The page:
Margaret M. Briehl, PhD

Associate Professor, Pathology
 

Education: 
  • University of Arizona 1988 (Ph.D.)
Major Areas of Research Interest: 

My laboratory’s research objective is to elucidate relationships between oxidative stress and disease processes, particularly cancer. Specifically, we are investigating the regulation of apoptosis by the redox state of the cell. Cellular redox state is determined by the sum of prooxidants (e.g., the levels of reactive oxygen species) and antioxidants (e.g., proteins like catalase and small molecules like vitamin E) in the cell. Cancer cells have frequently undergone changes consistent with an altered ability to handle oxidative stress. Genetic differences in proteins that protect cells against oxidative stress have been associated with an increased risk of cancer. Epidemiological studies suggest that a diet rich in fruits and vegetables confers a lower risk of cancer. One idea is that the high antioxidants content of fruits and vegetables is protective, although definitive studies to prove this have not yet been conducted. Another untested idea is that cancer patients should avoid taking antioxidant supplements while undergoing chemotherapy, as the antioxidants may oppose the action of the anticancer drugs. Based on our research with model systems for lymphoma, breast and skin cancer, we have accumulated evidence that a cell’s ability to handle oxidative stress does influence its susceptibility to apoptosis. Lymphocytes that have acquired resistance to oxidative stress simultaneously acquire resistance to glucocorticoid-induced apoptosis. The basic metabolism of the resistant cells is also fundamentally altered. These findings clearly have implications for the development and treatment of cancer. They potentially have a broader impact, since dysregulation of apoptosis and cellular redox state are common to other major diseases. We are now working towards determining the mechanism by which an altered cellular redox state contributes to the control of apoptotic signaling and identifying molecules that sense oxidative stress, are involved in the mechanism of apoptosis and may be dysfunctional in cancer cells. Using gene expression and tissue arrays from lymphoma patient samples, we are investigating whether the expression of antioxidant enzymes predicts response to therapy. Understanding how key processes like apoptosis can be affected by resistance to oxidative stress will make an important contribution towards teasing out key relationships between genetics, diet, control of oxidative stress and effective cancer prevention and treatment.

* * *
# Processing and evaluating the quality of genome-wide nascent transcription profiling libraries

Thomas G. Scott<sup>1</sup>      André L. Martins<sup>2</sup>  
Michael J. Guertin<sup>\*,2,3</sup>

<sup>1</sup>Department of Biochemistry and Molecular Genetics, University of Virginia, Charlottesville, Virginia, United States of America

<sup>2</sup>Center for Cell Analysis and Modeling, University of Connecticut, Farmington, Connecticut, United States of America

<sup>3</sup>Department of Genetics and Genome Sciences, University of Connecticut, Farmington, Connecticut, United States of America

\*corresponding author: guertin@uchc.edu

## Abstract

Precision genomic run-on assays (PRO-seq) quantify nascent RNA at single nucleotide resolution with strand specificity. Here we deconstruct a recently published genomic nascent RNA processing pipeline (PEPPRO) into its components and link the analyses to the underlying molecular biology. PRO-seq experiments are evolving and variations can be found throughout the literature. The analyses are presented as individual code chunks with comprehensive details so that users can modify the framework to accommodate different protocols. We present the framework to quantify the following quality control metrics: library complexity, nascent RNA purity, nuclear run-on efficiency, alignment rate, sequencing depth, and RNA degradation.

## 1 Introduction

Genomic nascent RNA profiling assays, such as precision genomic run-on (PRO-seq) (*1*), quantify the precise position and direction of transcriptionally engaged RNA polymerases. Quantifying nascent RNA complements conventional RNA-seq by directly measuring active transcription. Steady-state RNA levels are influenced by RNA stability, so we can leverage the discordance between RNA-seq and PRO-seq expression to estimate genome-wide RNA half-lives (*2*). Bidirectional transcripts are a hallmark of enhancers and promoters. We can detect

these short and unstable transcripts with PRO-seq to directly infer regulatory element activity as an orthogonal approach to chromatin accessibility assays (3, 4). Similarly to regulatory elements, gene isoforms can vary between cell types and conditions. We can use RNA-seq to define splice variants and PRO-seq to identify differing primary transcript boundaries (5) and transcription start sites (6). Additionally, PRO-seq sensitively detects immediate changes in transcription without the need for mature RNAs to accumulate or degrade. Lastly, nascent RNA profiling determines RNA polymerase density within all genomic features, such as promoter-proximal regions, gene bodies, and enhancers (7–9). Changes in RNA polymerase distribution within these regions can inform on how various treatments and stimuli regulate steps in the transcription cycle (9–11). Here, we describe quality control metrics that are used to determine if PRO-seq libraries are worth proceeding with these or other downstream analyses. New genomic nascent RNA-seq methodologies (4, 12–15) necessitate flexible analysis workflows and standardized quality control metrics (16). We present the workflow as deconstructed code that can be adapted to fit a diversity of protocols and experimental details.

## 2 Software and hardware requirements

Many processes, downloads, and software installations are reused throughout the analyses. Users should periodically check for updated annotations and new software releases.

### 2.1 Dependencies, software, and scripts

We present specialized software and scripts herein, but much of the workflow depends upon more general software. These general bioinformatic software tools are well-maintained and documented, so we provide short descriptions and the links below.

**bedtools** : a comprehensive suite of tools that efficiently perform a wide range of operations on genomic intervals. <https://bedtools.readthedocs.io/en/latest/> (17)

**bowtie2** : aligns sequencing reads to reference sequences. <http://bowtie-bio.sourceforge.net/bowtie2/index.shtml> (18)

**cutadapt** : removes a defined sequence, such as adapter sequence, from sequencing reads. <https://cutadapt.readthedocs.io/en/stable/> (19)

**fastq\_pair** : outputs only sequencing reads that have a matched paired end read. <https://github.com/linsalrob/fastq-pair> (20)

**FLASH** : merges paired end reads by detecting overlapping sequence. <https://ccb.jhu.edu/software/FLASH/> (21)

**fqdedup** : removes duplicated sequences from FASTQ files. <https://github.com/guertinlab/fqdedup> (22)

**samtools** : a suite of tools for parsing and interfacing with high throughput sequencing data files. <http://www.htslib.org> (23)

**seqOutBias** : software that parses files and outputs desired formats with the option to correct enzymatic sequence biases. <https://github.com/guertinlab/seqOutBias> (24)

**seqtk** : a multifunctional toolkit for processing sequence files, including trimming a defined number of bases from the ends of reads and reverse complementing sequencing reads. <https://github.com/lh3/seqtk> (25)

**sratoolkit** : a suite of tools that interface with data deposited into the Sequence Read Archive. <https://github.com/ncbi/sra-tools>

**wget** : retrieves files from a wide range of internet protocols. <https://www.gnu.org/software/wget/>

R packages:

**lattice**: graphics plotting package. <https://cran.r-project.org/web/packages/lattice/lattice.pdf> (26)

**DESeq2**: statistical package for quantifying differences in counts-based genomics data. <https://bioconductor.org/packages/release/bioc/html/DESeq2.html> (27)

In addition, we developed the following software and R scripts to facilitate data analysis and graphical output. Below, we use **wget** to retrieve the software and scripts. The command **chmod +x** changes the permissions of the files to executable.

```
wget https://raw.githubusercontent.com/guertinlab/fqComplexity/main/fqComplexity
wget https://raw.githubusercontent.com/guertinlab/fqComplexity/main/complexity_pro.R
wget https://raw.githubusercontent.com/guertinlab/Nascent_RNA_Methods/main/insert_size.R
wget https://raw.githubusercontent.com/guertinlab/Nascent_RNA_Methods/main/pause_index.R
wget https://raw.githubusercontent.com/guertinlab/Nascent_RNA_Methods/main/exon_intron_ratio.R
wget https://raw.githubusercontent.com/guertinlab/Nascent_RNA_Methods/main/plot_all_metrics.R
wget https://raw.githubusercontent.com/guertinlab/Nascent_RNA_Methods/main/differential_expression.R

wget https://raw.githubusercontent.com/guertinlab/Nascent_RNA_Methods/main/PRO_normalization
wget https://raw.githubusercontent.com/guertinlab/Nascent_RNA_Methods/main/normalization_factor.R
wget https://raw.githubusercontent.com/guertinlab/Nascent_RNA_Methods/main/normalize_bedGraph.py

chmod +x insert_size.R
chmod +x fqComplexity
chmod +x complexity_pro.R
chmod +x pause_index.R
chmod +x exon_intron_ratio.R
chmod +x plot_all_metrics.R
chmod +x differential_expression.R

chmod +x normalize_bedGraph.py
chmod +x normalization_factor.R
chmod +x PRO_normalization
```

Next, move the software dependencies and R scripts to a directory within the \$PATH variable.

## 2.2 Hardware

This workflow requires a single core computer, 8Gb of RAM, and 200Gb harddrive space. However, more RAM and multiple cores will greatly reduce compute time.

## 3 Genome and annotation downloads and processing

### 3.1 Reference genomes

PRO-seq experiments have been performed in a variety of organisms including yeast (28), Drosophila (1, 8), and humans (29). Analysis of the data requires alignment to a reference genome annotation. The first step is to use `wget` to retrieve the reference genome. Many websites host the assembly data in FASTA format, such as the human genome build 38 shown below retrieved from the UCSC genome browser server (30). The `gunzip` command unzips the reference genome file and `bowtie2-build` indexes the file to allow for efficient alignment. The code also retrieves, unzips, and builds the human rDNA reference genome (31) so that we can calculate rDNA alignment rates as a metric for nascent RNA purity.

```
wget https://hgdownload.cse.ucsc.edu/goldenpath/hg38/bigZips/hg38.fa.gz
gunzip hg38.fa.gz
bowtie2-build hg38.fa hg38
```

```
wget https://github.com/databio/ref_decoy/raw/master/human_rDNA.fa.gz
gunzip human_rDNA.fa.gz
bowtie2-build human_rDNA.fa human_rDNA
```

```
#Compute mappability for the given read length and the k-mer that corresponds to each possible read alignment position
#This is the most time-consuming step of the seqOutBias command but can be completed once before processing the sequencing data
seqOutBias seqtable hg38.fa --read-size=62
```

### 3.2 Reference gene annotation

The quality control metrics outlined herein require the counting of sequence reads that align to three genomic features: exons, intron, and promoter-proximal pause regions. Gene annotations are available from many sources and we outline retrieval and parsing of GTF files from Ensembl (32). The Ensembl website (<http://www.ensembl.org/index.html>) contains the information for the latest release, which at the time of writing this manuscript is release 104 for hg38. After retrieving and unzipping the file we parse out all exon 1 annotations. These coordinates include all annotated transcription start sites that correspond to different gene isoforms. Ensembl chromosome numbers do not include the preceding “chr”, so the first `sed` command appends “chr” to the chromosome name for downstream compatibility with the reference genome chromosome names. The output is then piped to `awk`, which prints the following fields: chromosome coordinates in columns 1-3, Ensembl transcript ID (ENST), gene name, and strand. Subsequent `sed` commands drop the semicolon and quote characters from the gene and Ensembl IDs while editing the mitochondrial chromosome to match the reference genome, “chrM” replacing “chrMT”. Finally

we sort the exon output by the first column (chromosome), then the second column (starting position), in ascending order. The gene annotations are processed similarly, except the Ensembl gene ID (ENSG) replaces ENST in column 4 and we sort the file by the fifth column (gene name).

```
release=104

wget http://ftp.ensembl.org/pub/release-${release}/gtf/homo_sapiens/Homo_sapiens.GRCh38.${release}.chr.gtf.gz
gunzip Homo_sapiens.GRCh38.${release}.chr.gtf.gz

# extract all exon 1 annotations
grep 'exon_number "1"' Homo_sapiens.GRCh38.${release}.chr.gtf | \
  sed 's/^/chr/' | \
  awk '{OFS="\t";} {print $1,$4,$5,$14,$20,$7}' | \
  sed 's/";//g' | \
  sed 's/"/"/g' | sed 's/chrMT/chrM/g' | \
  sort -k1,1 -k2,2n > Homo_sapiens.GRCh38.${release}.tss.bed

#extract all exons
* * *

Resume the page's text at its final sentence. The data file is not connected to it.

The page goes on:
Sponsored Research Through MSRP: 

Elizabeth Gobble (MSRP 2006): " Generation of reactive oxygen species and gene expression modifications in gynecologic cancer cells."

 

Selected Publications: 

Efferth T, Rauh R, Kahl S, Tomicic M, Bochzelt H, Tome ME, Briehl MM, Bauer R, Kaina B. Molecular modes of action of cantharidin in tumor cells. Biochem Pharmacol, 69:811-8, 2005.

Tome ME, Briehl MM, Lutz NW. Increasing the antioxidant defense in WEHI7.2 cells results in a more tumor-like metabolic profile. Int J Mol Med, 15:497-501, 2005.

Tome ME. Johnson DB. Rimsza LM. Roberts RA. Grogan TM. Miller TP. Oberley LW. Briehl MM. A redox signature score identifies diffuse large B-cell lymphoma patients with a poor prognosis. Blood. 106(10):3594-601, 2005

Tome ME, Lutz NW, Briehl MM. Overexpression of catalase or Bcl-2 alters glucose and energy metabolism concomitant with dexamethasone resistance. Biochim Biophys Acta, 1693:57-72, 2004.

Wednesday, November 18, 2015